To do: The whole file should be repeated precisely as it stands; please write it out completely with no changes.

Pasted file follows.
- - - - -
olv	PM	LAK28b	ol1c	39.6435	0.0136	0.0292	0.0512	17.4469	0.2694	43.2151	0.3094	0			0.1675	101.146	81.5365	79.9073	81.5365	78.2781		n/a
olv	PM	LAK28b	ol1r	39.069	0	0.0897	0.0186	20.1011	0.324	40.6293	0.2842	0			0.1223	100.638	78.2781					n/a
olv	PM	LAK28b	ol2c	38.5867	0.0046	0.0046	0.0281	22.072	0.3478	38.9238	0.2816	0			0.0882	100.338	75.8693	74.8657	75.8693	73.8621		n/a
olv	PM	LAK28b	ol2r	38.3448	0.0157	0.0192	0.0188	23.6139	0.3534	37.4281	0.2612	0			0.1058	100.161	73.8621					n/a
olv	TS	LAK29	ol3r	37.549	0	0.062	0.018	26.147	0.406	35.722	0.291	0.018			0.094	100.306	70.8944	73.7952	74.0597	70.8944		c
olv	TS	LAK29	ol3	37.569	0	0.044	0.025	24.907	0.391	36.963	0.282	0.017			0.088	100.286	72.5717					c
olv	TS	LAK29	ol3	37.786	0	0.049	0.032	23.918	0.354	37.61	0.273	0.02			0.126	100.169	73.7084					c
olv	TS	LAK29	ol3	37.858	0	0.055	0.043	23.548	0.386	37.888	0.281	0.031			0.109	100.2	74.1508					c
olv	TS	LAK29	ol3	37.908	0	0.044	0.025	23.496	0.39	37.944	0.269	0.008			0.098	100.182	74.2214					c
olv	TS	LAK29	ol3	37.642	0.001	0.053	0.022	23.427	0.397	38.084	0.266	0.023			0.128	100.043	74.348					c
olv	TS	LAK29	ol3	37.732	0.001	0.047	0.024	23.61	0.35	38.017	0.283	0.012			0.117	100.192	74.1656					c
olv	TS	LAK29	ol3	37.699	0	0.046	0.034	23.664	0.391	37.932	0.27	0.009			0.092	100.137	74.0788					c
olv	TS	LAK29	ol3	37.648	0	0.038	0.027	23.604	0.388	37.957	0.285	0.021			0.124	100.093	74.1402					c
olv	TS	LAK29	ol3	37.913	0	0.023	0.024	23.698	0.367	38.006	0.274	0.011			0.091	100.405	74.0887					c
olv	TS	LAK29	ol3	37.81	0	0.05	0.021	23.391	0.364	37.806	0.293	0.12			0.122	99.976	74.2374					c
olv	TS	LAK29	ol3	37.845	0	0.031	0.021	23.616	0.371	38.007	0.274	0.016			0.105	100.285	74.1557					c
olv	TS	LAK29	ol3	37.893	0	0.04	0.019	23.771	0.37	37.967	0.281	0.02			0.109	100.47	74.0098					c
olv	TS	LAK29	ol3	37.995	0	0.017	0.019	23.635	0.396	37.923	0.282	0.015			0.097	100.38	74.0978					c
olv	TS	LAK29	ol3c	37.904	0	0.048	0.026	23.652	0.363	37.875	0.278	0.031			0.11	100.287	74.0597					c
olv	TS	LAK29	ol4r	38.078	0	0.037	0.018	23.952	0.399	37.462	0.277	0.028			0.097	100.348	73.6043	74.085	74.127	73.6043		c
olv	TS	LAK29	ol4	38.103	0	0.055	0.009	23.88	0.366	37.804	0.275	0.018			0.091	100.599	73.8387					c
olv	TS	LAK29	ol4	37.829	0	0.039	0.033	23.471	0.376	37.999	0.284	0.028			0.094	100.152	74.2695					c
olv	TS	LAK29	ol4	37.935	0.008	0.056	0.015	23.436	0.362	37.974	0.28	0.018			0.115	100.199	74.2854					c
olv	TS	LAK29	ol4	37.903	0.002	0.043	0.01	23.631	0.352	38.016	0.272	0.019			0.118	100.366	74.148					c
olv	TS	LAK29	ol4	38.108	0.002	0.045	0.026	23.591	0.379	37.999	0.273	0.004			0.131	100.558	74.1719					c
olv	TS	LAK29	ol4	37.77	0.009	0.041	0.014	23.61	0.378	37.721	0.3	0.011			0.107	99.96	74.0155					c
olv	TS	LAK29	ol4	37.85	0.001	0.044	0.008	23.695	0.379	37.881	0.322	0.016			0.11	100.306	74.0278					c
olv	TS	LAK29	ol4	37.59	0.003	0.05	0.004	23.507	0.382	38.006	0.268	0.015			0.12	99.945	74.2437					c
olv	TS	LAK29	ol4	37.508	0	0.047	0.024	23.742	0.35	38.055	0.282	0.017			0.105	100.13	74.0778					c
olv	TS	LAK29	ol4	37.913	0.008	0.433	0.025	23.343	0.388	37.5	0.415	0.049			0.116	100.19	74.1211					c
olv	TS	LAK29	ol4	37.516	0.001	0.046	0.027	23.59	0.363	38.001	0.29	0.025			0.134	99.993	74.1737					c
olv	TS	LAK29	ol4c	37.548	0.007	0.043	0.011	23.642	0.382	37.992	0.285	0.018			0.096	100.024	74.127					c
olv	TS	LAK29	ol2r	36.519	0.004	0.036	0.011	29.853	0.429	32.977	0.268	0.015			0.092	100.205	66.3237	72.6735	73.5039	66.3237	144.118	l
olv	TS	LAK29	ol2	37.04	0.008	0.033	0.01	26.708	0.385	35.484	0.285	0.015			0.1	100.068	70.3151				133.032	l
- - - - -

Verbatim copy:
olv	PM	LAK28b	ol1c	39.6435	0.0136	0.0292	0.0512	17.4469	0.2694	43.2151	0.3094	0			0.1675	101.146	81.5365	79.9073	81.5365	78.2781		n/a
olv	PM	LAK28b	ol1r	39.069	0	0.0897	0.0186	20.1011	0.324	40.6293	0.2842	0			0.1223	100.638	78.2781					n/a
olv	PM	LAK28b	ol2c	38.5867	0.0046	0.0046	0.0281	22.072	0.3478	38.9238	0.2816	0			0.0882	100.338	75.8693	74.8657	75.8693	73.8621		n/a
olv	PM	LAK28b	ol2r	38.3448	0.0157	0.0192	0.0188	23.6139	0.3534	37.4281	0.2612	0			0.1058	100.161	73.8621					n/a
olv	TS	LAK29	ol3r	37.549	0	0.062	0.018	26.147	0.406	35.722	0.291	0.018			0.094	100.306	70.8944	73.7952	74.0597	70.8944		c
olv	TS	LAK29	ol3	37.569	0	0.044	0.025	24.907	0.391	36.963	0.282	0.017			0.088	100.286	72.5717					c
olv	TS	LAK29	ol3	37.786	0	0.049	0.032	23.918	0.354	37.61	0.273	0.02			0.126	100.169	73.7084					c
olv	TS	LAK29	ol3	37.858	0	0.055	0.043	23.548	0.386	37.888	0.281	0.031			0.109	100.2	74.1508					c
olv	TS	LAK29	ol3	37.908	0	0.044	0.025	23.496	0.39	37.944	0.269	0.008			0.098	100.182	74.2214					c
olv	TS	LAK29	ol3	37.642	0.001	0.053	0.022	23.427	0.397	38.084	0.266	0.023			0.128	100.043	74.348					c
olv	TS	LAK29	ol3	37.732	0.001	0.047	0.024	23.61	0.35	38.017	0.283	0.012			0.117	100.192	74.1656					c
olv	TS	LAK29	ol3	37.699	0	0.046	0.034	23.664	0.391	37.932	0.27	0.009			0.092	100.137	74.0788					c
olv	TS	LAK29	ol3	37.648	0	0.038	0.027	23.604	0.388	37.957	0.285	0.021			0.124	100.093	74.1402					c
olv	TS	LAK29	ol3	37.913	0	0.023	0.024	23.698	0.367	38.006	0.274	0.011			0.091	100.405	74.0887					c
olv	TS	LAK29	ol3	37.81	0	0.05	0.021	23.391	0.364	37.806	0.293	0.12			0.122	99.976	74.2374					c
olv	TS	LAK29	ol3	37.845	0	0.031	0.021	23.616	0.371	38.007	0.274	0.016			0.105	100.285	74.1557					c
olv	TS	LAK29	ol3	37.893	0	0.04	0.019	23.771	0.37	37.967	0.281	0.02			0.109	100.47	74.0098					c
olv	TS	LAK29	ol3	37.995	0	0.017	0.019	23.635	0.396	37.923	0.282	0.015			0.097	100.38	74.0978					c
olv	TS	LAK29	ol3c	37.904	0	0.048	0.026	23.652	0.363	37.875	0.278	0.031			0.11	100.287	74.0597					c
olv	TS	LAK29	ol4r	38.078	0	0.037	0.018	23.952	0.399	37.462	0.277	0.028			0.097	100.348	73.6043	74.085	74.127	73.6043		c
olv	TS	LAK29	ol4	38.103	0	0.055	0.009	23.88	0.366	37.804	0.275	0.018			0.091	100.599	73.8387					c
olv	TS	LAK29	ol4	37.829	0	0.039	0.033	23.471	0.376	37.999	0.284	0.028			0.094	100.152	74.2695					c
olv	TS	LAK29	ol4	37.935	0.008	0.056	0.015	23.436	0.362	37.974	0.28	0.018			0.115	100.199	74.2854					c
olv	TS	LAK29	ol4	37.903	0.002	0.043	0.01	23.631	0.352	38.016	0.272	0.019			0.118	100.366	74.148					c
olv	TS	LAK29	ol4	38.108	0.002	0.045	0.026	23.591	0.379	37.999	0.273	0.004			0.131	100.558	74.1719					c
olv	TS	LAK29	ol4	37.77	0.009	0.041	0.014	23.61	0.378	37.721	0.3	0.011			0.107	99.96	74.0155					c
olv	TS	LAK29	ol4	37.85	0.001	0.044	0.008	23.695	0.379	37.881	0.322	0.016			0.11	100.306	74.0278					c
olv	TS	LAK29	ol4	37.59	0.003	0.05	0.004	23.507	0.382	38.006	0.268	0.015			0.12	99.945	74.2437					c
olv	TS	LAK29	ol4	37.508	0	0.047	0.024	23.742	0.35	38.055	0.282	0.017			0.105	100.13	74.0778					c
olv	TS	LAK29	ol4	37.913	0.008	0.433	0.025	23.343	0.388	37.5	0.415	0.049			0.116	100.19	74.1211					c
olv	TS	LAK29	ol4	37.516	0.001	0.046	0.027	23.59	0.363	38.001	0.29	0.025			0.134	99.993	74.1737					c
olv	TS	LAK29	ol4c	37.548	0.007	0.043	0.011	23.642	0.382	37.992	0.285	0.018			0.096	100.024	74.127					c
olv	TS	LAK29	ol2r	36.519	0.004	0.036	0.011	29.853	0.429	32.977	0.268	0.015			0.092	100.205	66.3237	72.6735	73.5039	66.3237	144.118	l
olv	TS	LAK29	ol2	37.04	0.008	0.033	0.01	26.708	0.385	35.484	0.285	0.015			0.1	100.068	70.3151				133.032	l